The vast majority of mortgage transactions are final handover payments for completed developments
The vast majority of mortgage transactions in Dubai are new purchases by end-users and final handover payments for completed developments. Although property prices were falling last year, most buyers decided to hold off. With the market bottoming out, a lot of those buyers have returned to the market now and bought property.
The majority of client enquiries are for handover payments to developers who had launched creative payment schemes to lure buyers from completed to off-plan stock. “Major disbursements are falling during handover and banks are generous enough to consider such cases for review and facilitate funding upon receiving the completion certificate and handover letter from the developer,” says Dhiren Gupta, managing director, 4C Mortgage Consultancy.
“H1 2018 mortgage transactions were lower than the corresponding period in 2017. Property prices are lower, but rates are higher which has dissuaded some buyers, while others are holding off thinking prices may drop further,” comments Lukman Hajje, CCO of Propertyfinder.
There has been a rise in the number of equity release inquiries in Q2. “This is primarily due to current market conditions still remaining in favour of buyers. Property prices have more or less bottomed out and buyers are taking advantage of this by releasing equity in their homes to either upsize or purchase other properties for investment,” observes Paul Kelly, operations director at Allsopp & Allsopp.
The average mortgage size in Dubai in the current market is Dh1.5 million. If it’s a first home purchase, the loan amount is restricted to 75 per cent of the market price if the property is priced less than Dh5 million.
“Most end-users opt for one to two-bedroom apartments which are available in the range of Dh1.1 million to Dh1.8 million in prominent areas; even townhouses are available from Dh1.5 million to Dh2.2 million,” informs Gupta.
“We have seen mortgage sizes dip this year and a larger percentage of loans under the Dh1 million market,” says Hajje.
With the UAE Central Bank hiking early settlement charges on home loans, the mortgage refinance market has turned stagnant. In June, the Central Bank increased the fee from one per cent of the outstanding home loan amount, not exceeding Dh10,000, to a maximum of three per cent of the loan amount.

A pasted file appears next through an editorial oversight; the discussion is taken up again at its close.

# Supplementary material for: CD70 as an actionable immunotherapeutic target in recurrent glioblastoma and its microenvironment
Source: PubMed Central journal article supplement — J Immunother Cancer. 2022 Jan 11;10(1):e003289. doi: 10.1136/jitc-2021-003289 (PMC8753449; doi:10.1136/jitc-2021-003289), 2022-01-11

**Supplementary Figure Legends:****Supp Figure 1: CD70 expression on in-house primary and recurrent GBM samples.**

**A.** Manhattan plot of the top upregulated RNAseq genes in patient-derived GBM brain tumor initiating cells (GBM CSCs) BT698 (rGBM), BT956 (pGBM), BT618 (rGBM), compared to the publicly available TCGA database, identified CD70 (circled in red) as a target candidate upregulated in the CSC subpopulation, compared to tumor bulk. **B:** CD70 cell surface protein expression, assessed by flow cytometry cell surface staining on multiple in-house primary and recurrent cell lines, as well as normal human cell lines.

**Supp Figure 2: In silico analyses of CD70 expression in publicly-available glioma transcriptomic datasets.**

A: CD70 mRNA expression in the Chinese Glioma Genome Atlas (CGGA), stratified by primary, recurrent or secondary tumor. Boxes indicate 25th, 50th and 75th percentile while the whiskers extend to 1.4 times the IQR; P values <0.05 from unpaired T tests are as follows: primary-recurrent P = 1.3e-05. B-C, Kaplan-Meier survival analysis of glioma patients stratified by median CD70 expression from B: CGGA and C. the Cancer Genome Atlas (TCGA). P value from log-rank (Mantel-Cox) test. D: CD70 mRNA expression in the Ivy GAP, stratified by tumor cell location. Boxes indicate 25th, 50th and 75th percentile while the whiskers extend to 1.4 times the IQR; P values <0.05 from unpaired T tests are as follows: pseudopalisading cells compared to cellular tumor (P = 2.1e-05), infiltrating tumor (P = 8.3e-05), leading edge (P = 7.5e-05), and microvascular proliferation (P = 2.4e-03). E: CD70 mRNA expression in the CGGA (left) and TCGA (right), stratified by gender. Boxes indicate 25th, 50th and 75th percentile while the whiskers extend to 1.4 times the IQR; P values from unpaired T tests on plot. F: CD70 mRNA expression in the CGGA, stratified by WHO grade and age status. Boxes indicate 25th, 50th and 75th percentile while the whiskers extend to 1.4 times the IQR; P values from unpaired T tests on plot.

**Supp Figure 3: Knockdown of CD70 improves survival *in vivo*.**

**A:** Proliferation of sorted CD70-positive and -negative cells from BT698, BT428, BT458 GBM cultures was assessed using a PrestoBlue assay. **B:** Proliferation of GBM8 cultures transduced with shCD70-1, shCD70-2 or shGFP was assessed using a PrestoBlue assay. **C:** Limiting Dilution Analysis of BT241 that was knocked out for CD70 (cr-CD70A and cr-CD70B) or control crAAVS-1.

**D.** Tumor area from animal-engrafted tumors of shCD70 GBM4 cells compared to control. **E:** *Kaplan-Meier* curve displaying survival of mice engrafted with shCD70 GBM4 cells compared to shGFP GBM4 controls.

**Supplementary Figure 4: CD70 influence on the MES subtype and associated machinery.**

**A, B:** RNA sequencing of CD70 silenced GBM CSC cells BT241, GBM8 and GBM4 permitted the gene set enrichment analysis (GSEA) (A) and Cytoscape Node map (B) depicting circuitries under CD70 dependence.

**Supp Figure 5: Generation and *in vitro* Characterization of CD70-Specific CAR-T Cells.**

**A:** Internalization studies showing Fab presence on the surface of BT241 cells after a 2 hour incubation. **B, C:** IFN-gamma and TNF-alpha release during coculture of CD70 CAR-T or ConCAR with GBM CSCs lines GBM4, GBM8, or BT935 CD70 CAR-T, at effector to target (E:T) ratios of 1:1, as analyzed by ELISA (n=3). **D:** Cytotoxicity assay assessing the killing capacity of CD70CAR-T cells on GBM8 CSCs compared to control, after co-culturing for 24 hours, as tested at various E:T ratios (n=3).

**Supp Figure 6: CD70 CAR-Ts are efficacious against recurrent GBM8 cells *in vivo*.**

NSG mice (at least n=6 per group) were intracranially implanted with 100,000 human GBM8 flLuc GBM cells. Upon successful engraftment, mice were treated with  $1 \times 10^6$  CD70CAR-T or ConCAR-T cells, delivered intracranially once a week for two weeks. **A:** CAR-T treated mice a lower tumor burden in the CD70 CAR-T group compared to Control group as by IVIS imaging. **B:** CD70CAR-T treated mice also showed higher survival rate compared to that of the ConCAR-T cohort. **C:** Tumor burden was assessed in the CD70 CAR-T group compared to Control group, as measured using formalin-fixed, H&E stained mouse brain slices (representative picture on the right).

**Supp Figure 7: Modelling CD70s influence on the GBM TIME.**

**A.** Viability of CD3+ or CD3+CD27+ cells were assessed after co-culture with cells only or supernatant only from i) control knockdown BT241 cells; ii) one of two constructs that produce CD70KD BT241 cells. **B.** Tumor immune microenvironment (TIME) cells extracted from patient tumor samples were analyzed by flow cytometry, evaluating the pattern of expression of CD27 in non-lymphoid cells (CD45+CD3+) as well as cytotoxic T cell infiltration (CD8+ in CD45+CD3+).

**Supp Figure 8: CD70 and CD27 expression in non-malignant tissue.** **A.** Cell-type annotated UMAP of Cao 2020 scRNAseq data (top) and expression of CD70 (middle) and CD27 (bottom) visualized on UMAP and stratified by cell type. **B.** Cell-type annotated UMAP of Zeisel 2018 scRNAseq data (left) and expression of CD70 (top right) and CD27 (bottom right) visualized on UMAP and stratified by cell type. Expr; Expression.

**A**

“Borrowers seeking to refinance have always faced new valuation fees, DLD de-registration and re-registration charges, etc. Prior to the June fee amendments, the number of clients refinancing their mortgage was quite low as banks were always open to negotiate a competitive market rate following the expiry of the borrower’s fixed rate period. But now, faced with an additional potential three per cent exit fee, refinancing is usually not viable,” says Hajje.
With the new exit fee, the movement of existing liability to another bank has become restricted. “However, as per Central Bank guidelines, a few banks have given two months’ notice to exit. Hence, we can witness a few buyout transactions during this period, but buyers are sceptical about taking a decision on fixed or variable pricing as fixed rate pricing offered by most banks is limited to two to three years and then the variable pricing is applied which is usually higher. A few banks have a variable product from the start at a lower base rate margin linked with Eibor,” observes Gupta.
Although the majority of UAE mortgage lenders have now implemented the changes in their lending policy, a few select lenders are yet to follow suit. “A number of financial institutions gradually reduce the percentage cap over a period of time as a unique selling point to not only add an element of consumer fairness back into the equation but more importantly, to have an edge over other lenders when it comes to remaining competitive in the market,” contends Kelly.
With increases in interest rates expected to continue for the next 18 to 24 months, customers are favouring fixed rates to give themselves the stability, security and peace of mind in what is currently considered a volatile economy due to rising interest rates in the US and the dollar-pegged dirham.
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